I grow lemon balm in my garden and harvest it, rinse it, let it dry and then pack it in a jar with enough room for it to swim around in some vodka. Shake the jar once a day for two weeks. The vodka will extract the constituents and after a few weeks you can strain out the plant part leftovers and put a half a teaspoon of this liquid “anxiety medicine“ in a little bit of water when you need something to calm you down.
9. St. John’s Wort:
Although we think “depression” the second we hear about St. J’s Wort, we also need to address that depression and anxiety tend to walk hand in hand and this herb is not just an anti-depressant it is a mild sedative as well. St. John’s Wort has also been shown to have a lower risk of side effects than conventional anti-depressants and is worth trying for those that don’t quite have severe enough depression to mandate the use of a prescription pharmaceutical, but instead need something to take the edge off and boost the mood a bit.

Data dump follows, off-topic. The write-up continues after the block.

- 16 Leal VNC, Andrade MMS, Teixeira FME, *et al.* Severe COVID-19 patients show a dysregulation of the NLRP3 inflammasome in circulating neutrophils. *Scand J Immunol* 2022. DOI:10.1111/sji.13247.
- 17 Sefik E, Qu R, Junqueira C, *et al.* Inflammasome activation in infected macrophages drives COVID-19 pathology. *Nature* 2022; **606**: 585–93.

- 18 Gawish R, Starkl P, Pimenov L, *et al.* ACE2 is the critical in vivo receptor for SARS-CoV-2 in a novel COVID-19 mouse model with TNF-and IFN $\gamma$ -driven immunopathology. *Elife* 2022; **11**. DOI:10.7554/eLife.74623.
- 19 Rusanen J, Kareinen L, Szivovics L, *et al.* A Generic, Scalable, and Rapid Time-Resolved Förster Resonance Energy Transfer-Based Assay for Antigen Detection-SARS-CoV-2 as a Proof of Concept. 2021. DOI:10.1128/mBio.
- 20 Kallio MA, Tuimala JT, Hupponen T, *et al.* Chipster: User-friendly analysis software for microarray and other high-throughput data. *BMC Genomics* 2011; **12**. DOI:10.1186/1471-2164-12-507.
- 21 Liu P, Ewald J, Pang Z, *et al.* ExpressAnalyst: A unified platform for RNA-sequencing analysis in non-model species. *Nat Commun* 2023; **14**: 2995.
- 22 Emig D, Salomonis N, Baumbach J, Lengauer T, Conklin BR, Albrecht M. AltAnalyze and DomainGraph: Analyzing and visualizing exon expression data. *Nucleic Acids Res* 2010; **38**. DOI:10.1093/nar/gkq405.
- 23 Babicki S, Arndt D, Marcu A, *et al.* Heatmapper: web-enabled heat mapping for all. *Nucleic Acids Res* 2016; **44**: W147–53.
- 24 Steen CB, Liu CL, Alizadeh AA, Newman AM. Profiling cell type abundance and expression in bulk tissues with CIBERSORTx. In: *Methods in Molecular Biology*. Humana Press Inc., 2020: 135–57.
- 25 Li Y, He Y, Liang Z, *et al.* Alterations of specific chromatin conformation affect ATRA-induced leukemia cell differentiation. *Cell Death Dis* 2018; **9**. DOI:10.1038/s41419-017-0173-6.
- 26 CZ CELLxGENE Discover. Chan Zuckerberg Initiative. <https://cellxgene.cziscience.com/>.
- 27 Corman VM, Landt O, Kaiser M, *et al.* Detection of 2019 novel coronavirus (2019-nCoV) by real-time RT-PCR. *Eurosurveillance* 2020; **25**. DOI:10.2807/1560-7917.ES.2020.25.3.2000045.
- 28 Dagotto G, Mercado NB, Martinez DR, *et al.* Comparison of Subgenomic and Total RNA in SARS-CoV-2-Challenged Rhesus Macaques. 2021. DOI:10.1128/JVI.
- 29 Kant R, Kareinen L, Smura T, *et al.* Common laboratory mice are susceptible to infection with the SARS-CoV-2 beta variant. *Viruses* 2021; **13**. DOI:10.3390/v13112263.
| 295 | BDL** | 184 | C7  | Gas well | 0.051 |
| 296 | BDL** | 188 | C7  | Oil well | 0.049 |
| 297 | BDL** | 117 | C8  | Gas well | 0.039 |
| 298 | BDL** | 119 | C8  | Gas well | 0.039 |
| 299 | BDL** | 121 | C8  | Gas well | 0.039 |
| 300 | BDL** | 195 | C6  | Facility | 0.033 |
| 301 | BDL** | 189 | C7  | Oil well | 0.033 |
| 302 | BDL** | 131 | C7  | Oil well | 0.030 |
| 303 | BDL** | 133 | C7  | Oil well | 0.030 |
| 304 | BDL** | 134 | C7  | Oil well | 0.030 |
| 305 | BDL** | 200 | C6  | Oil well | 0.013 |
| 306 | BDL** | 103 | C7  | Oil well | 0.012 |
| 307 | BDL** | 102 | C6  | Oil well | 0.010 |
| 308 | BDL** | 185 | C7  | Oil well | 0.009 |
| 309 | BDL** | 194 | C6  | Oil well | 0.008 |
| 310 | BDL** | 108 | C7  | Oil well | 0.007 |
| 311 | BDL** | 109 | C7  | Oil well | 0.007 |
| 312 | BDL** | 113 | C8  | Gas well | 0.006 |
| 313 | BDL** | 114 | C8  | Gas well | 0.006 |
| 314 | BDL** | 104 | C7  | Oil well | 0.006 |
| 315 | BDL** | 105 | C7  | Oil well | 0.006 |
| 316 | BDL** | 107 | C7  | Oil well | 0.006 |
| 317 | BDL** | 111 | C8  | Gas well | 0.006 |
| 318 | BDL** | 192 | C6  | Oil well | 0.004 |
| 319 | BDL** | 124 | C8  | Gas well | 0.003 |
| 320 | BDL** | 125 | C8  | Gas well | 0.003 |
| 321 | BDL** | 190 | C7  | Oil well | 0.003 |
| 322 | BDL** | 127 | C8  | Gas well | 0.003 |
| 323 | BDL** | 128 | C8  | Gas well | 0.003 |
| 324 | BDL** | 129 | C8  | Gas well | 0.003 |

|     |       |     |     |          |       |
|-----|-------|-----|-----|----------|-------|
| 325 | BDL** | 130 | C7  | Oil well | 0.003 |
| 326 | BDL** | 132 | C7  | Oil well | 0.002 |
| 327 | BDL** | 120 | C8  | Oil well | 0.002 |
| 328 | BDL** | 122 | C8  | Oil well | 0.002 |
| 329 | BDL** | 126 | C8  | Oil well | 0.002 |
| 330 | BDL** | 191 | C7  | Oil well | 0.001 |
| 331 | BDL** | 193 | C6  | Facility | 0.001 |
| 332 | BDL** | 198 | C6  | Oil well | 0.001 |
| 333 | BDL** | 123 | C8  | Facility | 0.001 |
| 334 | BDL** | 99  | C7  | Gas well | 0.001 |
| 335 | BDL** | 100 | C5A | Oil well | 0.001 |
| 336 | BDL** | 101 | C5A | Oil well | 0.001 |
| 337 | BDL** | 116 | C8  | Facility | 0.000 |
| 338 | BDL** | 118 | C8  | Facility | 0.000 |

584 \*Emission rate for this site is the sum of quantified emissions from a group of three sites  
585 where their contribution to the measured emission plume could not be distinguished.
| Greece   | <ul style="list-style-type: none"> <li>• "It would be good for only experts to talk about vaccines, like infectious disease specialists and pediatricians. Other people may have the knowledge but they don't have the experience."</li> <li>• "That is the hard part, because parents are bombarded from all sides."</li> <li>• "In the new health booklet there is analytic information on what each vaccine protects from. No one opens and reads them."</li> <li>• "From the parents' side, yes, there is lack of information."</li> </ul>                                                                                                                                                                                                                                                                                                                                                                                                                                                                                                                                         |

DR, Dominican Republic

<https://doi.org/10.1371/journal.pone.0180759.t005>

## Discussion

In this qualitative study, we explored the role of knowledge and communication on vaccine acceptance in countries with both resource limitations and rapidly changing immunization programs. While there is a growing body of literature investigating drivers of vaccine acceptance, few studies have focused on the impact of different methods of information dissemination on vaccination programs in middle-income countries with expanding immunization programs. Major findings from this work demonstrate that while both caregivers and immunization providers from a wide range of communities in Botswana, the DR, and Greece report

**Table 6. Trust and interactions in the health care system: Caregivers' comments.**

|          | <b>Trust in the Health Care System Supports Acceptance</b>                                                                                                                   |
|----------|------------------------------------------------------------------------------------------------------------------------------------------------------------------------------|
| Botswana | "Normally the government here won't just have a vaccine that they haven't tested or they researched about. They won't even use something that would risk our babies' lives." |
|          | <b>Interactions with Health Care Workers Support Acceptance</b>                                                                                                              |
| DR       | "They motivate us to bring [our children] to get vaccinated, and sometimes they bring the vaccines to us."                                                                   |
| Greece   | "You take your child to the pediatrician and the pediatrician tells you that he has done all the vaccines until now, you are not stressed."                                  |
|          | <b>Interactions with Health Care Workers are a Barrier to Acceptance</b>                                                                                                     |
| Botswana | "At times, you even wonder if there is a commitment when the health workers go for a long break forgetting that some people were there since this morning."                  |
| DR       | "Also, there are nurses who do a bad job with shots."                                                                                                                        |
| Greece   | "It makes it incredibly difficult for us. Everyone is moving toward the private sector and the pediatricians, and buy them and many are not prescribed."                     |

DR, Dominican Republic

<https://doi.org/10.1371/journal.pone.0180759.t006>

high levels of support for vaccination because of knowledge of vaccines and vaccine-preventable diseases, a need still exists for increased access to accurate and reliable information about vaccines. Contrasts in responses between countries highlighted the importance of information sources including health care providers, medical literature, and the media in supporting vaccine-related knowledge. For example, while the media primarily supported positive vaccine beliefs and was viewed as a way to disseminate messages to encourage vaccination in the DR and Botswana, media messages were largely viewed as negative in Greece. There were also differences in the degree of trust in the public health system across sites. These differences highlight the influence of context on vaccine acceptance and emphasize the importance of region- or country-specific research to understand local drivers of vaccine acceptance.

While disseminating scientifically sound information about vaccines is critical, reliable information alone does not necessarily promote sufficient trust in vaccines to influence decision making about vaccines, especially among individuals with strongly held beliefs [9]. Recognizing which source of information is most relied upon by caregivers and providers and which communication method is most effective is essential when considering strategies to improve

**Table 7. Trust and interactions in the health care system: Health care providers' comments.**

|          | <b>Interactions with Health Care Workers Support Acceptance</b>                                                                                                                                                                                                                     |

If you’re suffering from anxiety that has a form of depression associated with it, then this is a great herb to consider in your herbal-sedative blend if you are not on any anti-depressants or anti-psychotic medications. The condition “serotonin syndrome” may occur from combing this herb with those classes of medications or other herbs and supplements that boost neurotransmitter levels.
This herb should not be used by those on oral contraceptives, or any medications as it increases the cytochrome p450 enzyme system which results in a more rapid detoxification of drugs from the system. The drugs or birth control pills are then rendered useless. Standard dose of St. John’s Wort for those not on any other medications, is 300 mg three times daily of the 0.3% standardized extract.
10. Red Clover:
Not traditionally recognized as a sedative, but as a mineral source and blood thinner, this “cooling” herb calms the system and has a special affinity to the lungs, throat, and salivary glands.
This is a terrific balancing herb to include in your herbal sedative blend as the dried flower blossoms make for a beautiful addition to a glass teapot. Do not use in pregnancy, or if on blood thinning medications.
Not just for cats. Catnip is actually a gentle nervine herb for humans. No it won’t make you roll around on the carpet or chase after things (at least not to my current knowledge) but it is still a great mild sedative.